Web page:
Before the influence of the foreign religions, scholars believe that the oldest belief of the early Filipinos could include animism (they perceived animals, plants, rocks, rivers, weather systems, tools, and even words—as animated and alive). They adhere to the mythological belief such as the Anito and Bathala, to name but a few.  Bathala was considered to have created earth and man and was superior among the gods and spirits. The early Filipinos offered systematic sacrifices and prayers to appease their deities and spirits.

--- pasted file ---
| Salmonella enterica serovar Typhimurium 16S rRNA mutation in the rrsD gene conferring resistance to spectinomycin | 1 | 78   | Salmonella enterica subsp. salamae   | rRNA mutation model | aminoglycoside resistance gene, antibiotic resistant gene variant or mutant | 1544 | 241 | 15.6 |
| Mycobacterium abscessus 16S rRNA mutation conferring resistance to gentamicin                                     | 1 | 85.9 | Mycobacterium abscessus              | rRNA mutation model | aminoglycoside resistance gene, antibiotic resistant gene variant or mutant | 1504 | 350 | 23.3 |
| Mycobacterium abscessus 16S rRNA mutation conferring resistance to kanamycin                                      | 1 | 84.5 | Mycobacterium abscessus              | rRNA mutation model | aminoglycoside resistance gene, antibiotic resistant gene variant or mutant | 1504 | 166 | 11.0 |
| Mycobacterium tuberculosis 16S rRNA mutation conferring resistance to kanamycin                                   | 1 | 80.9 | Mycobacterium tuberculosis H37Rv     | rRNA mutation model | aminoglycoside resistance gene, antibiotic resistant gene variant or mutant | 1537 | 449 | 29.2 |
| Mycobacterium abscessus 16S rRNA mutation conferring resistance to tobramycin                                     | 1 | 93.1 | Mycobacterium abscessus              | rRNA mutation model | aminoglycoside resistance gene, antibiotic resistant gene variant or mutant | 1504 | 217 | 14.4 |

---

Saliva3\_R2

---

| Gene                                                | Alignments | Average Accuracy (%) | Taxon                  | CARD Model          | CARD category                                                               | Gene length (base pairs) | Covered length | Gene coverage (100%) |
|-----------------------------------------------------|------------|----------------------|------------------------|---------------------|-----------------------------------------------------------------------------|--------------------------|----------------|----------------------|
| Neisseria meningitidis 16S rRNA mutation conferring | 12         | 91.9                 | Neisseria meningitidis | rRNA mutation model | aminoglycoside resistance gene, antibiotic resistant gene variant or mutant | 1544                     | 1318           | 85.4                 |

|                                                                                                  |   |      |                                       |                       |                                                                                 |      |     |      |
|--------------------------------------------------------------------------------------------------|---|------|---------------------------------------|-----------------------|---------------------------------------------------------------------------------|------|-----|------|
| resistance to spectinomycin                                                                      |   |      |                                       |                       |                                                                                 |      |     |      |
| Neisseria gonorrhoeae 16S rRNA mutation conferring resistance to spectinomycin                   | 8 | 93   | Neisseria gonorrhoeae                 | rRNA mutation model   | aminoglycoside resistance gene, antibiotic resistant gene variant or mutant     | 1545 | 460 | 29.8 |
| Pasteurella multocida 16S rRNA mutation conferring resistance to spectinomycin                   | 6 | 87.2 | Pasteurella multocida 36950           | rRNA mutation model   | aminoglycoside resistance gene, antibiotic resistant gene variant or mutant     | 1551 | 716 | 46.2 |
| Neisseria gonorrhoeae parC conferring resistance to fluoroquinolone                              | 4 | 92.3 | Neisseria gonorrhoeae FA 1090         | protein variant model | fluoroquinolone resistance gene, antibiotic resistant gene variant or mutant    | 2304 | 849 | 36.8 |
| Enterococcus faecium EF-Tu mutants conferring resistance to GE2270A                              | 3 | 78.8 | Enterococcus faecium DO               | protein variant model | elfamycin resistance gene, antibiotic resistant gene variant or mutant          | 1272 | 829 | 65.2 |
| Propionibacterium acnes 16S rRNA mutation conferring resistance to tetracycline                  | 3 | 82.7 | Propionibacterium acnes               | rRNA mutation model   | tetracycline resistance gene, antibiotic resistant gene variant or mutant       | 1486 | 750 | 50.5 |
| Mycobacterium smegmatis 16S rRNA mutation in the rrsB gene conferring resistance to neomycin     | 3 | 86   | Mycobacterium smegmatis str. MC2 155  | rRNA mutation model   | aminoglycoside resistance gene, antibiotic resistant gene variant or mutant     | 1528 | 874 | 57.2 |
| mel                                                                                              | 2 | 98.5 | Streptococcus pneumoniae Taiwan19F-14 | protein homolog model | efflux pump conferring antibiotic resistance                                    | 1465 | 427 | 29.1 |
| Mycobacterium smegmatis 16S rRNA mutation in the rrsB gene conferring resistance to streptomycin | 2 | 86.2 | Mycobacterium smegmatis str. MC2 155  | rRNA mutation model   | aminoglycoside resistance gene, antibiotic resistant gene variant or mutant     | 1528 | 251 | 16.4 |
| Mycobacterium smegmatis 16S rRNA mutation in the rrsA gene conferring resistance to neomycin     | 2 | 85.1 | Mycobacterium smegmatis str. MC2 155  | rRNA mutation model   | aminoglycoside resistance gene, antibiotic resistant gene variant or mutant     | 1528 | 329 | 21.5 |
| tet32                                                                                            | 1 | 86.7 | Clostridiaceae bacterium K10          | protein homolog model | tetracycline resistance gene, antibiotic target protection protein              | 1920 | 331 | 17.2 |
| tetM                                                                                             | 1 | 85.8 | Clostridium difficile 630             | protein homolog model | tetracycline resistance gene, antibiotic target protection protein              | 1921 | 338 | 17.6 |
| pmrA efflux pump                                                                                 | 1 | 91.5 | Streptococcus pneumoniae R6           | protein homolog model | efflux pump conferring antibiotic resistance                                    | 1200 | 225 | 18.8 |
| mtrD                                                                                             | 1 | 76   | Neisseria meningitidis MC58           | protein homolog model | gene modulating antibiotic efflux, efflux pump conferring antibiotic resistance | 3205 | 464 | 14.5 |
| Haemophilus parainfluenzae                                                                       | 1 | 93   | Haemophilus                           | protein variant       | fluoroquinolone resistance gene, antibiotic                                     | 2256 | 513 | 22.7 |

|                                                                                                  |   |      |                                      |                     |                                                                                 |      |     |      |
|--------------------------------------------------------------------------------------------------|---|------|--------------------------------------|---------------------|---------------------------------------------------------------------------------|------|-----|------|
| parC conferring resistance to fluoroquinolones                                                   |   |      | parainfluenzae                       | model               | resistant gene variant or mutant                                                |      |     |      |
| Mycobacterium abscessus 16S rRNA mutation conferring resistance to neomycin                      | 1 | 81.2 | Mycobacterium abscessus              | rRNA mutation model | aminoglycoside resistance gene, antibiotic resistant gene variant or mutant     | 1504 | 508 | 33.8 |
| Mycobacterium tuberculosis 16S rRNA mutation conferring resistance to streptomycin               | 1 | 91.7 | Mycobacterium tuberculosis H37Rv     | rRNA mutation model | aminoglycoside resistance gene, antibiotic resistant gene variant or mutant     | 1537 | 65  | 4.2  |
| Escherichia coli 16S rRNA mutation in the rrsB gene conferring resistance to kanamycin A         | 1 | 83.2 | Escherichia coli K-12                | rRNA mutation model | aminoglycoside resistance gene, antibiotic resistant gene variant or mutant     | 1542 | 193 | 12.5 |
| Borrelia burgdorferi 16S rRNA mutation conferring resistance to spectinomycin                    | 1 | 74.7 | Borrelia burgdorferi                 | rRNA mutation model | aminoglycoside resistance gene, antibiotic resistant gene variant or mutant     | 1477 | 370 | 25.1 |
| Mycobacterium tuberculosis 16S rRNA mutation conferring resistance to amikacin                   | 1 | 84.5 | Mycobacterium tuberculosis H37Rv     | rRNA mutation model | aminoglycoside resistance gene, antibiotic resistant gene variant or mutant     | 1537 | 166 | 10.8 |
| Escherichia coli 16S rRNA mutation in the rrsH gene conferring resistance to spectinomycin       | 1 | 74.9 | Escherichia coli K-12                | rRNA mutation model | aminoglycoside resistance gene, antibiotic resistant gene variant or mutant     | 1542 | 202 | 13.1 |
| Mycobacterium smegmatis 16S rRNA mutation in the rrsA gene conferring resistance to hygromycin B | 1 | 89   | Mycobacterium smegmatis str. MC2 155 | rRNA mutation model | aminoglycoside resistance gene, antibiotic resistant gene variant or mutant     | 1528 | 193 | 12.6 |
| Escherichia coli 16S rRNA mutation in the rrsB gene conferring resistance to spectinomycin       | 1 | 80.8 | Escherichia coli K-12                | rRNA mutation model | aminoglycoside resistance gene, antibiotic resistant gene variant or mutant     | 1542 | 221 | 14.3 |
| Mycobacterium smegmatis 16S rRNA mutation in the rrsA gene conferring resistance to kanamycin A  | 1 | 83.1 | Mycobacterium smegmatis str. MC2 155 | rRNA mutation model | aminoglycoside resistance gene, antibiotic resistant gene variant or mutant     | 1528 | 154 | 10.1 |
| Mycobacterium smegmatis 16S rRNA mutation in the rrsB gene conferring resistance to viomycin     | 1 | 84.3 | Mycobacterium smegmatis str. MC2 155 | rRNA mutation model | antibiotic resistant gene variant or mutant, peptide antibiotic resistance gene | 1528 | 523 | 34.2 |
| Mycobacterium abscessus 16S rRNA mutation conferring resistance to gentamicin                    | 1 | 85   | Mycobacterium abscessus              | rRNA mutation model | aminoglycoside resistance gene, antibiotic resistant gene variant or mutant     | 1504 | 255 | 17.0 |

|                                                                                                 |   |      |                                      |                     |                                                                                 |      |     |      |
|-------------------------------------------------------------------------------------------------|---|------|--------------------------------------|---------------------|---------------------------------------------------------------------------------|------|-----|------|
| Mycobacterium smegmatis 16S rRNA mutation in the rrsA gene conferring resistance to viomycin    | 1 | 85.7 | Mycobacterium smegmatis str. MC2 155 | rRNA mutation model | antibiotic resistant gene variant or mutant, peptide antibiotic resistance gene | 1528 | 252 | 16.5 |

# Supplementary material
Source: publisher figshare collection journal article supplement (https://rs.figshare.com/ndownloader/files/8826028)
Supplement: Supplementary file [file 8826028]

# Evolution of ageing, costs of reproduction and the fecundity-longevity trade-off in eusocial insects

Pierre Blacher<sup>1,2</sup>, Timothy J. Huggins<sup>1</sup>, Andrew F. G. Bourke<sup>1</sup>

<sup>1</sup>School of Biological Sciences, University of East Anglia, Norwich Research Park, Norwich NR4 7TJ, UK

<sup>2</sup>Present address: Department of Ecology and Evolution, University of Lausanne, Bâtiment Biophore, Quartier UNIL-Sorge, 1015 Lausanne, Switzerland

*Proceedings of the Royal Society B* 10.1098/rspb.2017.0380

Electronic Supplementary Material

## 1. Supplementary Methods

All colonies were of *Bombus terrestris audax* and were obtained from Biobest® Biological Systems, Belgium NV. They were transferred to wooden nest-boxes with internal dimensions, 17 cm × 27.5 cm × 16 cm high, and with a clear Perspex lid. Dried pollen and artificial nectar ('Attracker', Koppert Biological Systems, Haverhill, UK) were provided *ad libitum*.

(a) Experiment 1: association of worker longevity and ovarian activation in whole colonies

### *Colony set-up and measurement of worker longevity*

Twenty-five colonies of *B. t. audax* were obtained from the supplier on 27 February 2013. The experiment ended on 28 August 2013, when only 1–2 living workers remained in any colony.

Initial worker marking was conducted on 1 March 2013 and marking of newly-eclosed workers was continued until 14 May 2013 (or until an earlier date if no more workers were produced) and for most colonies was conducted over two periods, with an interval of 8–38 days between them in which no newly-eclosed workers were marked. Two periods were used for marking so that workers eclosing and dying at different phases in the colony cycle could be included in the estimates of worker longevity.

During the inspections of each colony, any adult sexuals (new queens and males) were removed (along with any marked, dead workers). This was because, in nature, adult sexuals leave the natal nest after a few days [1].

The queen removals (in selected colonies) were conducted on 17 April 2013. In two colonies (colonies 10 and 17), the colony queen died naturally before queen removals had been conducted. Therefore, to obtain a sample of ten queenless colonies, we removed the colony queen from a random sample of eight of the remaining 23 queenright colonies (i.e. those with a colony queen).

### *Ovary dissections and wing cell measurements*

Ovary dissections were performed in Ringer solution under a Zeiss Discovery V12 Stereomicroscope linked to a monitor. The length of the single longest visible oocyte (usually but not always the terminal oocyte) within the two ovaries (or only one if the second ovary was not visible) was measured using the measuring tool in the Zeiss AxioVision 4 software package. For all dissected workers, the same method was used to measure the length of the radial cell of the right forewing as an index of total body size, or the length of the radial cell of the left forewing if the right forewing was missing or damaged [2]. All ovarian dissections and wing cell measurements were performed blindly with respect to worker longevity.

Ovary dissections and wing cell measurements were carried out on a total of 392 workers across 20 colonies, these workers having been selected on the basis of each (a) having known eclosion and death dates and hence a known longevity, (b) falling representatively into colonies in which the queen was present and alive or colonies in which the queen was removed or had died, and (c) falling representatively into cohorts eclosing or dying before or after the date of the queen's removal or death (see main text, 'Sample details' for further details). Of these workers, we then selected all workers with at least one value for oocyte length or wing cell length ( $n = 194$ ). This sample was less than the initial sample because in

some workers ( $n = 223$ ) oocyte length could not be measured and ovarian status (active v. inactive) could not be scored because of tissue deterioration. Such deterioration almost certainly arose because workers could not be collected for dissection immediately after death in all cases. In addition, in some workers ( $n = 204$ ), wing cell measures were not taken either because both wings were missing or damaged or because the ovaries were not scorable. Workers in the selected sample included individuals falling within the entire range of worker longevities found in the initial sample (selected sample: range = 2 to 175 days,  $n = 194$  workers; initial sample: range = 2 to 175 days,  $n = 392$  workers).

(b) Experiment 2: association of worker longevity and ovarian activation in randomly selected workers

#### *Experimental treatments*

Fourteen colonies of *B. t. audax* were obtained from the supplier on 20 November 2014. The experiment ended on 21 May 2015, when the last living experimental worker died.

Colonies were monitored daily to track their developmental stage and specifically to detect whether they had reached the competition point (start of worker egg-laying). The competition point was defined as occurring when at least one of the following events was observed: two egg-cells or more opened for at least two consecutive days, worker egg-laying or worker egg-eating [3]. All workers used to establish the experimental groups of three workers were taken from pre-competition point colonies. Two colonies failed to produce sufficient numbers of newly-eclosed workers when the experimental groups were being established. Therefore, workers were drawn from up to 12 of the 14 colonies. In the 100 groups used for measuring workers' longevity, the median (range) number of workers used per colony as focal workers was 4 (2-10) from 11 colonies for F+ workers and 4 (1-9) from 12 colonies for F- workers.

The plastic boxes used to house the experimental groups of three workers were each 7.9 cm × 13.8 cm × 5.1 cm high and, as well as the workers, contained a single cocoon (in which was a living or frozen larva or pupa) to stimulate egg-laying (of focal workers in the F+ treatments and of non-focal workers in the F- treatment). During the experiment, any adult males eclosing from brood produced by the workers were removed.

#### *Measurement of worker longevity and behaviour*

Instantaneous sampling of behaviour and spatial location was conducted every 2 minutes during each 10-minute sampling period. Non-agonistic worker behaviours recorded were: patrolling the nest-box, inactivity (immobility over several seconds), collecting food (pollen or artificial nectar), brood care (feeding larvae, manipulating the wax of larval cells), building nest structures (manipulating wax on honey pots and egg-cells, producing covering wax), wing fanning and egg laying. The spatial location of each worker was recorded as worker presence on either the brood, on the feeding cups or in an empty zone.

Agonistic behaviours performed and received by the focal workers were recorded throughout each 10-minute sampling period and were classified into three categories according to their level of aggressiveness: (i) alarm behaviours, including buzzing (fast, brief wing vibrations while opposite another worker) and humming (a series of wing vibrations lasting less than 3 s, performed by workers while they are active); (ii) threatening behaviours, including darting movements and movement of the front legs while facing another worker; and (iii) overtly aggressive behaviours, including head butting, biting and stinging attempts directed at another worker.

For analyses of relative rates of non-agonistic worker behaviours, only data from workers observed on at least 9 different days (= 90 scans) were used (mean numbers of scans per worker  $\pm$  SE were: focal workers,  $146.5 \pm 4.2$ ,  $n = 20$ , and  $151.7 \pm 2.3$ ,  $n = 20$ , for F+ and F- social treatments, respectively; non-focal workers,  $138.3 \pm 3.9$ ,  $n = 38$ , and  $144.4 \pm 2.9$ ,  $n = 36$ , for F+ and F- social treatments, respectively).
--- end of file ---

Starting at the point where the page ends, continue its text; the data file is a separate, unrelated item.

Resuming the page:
The pieces of archaeological discoveries comprising ancient Hindu–Buddhist gold statues found in the Philippines lead to the belief of the existence of influences of Hinduism and Buddhism in the pre-colonial Philippines. With this, historians described the ancient influence of the Buddhist Srivijaya empire that ruled extensively the Southeast Asia at that time. The Buddhist Srivijaya empire was a dominant Indonesian city-state that expanded Buddhism from the 8th to the 12th century. As the empire controlled the maritime trade at that time within Southeast Asia, the empire could have had trade contacts with the pre-colonial Philippines. The trade contact could have served as a channel to introduce Vajrayana Buddhism to the Philippines (Munoz, Paul Michel, 2006. Early Kingdoms of the Indonesian Archipelago and the Malay Peninsula. Singapore: Editions Didier Millet) The oldest monotheistic religion in the Philippines is Islam.  It was brought to the Philippines  by the Muslim traders from the Persian Gulf, Southern India, and the Muslims from the Malay Archipelago.